Dispersed But Not Destroyed: A History of the Seventeenth-century Wendat People

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UBC Press, 2013 - History - 273 pages
"Situated within the area stretching from Georgian Bay in the north to Lake Simcoe in the east (also known as Wendake), the Wendat Confederacy flourished for two hundred years. By the mid-seventeenth century, however, Wendat society was under attack. Disease and warfare plagued the community, culminating in a series of Iroquois assaults that led to the dispersal of the Wendat people in 1649. Yet the Wendat did not disappear, as many historians have maintained. In Dispersed but Not Destroyed, Kathryn Magee Labelle examines the creation of a Wendat diaspora in the wake of the Iroquois attacks. By focusing the historical lens on the dispersal and its aftermath, she extends the seventeenth-century Wendat narrative. In the latter half of the century, Wendat leaders continued to appear at councils, trade negotiations, and diplomatic ventures -- including the Great Peace of Montreal in 1701 -- relying on established customs of accountability and consensus. Women also continued to assert their authority during this time, guiding their communities toward paths of cultural continuity and accommodation. Through tactics such as this, the power of the Wendat Confederacy and their unique identity was maintained. Turning the story of Wendat conquest on its head, this book demonstrates the resiliency of the Wendat people and writes a new chapter in North American history."--Publisher's website.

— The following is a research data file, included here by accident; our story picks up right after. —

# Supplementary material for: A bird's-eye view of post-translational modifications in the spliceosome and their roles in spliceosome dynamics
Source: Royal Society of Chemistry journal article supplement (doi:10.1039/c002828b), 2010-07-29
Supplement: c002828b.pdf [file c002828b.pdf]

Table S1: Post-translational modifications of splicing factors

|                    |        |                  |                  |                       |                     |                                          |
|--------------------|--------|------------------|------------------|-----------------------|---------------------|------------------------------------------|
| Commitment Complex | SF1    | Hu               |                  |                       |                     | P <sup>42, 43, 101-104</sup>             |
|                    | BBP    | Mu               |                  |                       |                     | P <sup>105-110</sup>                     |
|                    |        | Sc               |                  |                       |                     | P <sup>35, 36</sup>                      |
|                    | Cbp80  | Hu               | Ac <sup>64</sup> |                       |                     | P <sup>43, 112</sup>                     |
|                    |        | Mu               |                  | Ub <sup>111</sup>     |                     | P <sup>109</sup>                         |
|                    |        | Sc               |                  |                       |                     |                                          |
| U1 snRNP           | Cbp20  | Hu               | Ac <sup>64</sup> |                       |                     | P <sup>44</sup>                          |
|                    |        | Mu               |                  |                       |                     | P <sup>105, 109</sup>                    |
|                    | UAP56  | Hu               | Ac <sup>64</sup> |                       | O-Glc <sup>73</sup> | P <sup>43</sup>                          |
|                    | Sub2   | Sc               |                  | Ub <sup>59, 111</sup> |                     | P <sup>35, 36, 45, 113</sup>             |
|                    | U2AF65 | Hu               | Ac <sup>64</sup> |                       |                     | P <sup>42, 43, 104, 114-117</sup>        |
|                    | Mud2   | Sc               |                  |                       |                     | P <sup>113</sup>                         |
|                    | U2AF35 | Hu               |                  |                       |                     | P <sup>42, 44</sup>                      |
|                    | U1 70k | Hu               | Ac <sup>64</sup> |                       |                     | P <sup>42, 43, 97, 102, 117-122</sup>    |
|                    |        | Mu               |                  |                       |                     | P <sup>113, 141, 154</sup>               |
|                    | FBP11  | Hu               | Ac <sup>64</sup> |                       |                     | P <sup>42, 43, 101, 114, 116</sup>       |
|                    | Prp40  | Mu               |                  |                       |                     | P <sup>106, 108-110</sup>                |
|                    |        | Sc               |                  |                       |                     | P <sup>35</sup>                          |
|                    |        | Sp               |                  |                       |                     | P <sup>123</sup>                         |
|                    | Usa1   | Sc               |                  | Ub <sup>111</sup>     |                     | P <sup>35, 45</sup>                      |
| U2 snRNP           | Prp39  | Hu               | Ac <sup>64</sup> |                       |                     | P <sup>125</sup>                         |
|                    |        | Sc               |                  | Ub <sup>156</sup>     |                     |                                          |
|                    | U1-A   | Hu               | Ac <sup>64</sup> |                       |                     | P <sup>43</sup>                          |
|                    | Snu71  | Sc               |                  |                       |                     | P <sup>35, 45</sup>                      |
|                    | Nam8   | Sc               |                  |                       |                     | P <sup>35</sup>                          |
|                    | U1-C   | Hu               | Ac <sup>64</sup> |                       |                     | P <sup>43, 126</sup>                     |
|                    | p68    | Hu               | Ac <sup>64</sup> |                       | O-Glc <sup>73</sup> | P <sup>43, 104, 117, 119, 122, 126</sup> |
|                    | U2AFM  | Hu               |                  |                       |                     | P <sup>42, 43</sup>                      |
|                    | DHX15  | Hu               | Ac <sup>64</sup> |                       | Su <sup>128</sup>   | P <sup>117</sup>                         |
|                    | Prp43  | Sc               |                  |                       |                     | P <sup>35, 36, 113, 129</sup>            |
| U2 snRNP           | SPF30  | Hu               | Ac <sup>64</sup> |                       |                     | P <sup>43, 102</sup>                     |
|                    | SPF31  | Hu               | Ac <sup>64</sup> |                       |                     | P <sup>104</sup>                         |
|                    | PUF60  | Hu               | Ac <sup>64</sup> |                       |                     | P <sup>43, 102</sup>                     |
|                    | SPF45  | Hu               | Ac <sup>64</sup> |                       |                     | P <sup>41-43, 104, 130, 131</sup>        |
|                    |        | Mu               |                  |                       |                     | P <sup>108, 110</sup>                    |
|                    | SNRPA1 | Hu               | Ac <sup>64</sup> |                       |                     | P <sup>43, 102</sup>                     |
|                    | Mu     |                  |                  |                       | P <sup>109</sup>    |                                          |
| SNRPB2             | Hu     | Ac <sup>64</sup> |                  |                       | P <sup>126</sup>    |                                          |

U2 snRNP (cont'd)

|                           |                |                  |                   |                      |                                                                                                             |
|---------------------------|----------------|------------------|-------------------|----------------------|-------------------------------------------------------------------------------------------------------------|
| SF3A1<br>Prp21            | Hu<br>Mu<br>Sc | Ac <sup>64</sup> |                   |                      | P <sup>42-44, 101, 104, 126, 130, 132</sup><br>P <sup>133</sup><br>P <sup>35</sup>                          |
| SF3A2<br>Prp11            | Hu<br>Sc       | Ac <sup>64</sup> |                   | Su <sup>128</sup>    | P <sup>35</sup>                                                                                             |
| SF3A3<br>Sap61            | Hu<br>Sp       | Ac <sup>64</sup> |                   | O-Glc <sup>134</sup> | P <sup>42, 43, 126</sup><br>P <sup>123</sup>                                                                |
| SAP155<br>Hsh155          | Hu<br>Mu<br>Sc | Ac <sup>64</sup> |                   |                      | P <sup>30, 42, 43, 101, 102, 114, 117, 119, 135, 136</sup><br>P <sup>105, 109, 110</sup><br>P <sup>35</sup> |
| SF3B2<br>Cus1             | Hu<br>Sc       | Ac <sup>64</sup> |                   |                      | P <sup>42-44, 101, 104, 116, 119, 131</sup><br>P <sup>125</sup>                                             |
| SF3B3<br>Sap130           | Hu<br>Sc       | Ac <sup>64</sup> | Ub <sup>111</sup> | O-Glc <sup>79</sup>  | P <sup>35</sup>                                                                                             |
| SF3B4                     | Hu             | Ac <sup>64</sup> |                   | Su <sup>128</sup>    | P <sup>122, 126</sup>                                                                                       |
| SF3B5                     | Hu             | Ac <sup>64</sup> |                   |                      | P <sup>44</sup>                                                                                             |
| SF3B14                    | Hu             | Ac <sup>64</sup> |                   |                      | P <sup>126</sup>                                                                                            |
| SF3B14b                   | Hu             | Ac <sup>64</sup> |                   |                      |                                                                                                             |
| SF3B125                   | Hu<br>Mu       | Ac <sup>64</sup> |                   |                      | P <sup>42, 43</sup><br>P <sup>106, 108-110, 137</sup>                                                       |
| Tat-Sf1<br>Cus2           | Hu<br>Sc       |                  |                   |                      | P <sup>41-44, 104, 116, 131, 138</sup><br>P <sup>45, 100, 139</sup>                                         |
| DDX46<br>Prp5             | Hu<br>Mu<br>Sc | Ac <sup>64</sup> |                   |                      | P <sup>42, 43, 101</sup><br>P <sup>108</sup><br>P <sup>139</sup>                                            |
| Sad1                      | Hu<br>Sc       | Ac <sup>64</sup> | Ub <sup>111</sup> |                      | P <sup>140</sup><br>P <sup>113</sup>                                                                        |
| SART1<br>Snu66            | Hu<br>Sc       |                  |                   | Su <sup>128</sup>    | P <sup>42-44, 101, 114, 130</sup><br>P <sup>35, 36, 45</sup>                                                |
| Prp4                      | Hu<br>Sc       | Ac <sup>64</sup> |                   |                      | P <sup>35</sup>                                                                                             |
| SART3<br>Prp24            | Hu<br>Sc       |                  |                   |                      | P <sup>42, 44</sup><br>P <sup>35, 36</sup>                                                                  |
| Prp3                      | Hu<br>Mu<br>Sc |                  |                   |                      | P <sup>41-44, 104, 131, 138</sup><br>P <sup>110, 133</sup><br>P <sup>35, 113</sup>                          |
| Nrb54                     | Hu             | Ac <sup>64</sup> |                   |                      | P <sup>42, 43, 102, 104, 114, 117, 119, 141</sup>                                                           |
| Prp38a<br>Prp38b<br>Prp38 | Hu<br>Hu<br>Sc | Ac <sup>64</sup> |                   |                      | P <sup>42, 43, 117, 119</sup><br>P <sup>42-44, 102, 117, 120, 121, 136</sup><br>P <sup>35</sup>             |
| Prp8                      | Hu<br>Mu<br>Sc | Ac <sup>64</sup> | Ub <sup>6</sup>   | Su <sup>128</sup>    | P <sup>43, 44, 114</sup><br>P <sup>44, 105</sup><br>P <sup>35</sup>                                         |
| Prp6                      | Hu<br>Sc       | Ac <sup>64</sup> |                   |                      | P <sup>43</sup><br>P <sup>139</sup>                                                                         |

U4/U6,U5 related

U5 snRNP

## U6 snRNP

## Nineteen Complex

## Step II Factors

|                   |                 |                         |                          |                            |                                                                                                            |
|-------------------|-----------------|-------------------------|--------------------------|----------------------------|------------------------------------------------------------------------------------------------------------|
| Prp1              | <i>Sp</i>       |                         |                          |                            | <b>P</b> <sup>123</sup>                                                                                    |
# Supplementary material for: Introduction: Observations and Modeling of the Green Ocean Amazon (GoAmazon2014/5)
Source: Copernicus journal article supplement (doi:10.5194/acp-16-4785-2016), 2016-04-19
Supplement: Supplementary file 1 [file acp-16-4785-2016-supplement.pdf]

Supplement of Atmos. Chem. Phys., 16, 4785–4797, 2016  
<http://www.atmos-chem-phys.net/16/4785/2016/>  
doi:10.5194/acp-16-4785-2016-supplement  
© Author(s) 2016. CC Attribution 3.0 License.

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Contents

Introduction
1
Resistance
11
Evacuation and Relocation
47
Diaspora
141
Epilogue
190
Appendix
196
Notes
215
Bibliography
248
Index
259
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About the author (2013)

Kathryn Magee Labelle is an assistant professor in the History Department at the University of Saskatchewan.

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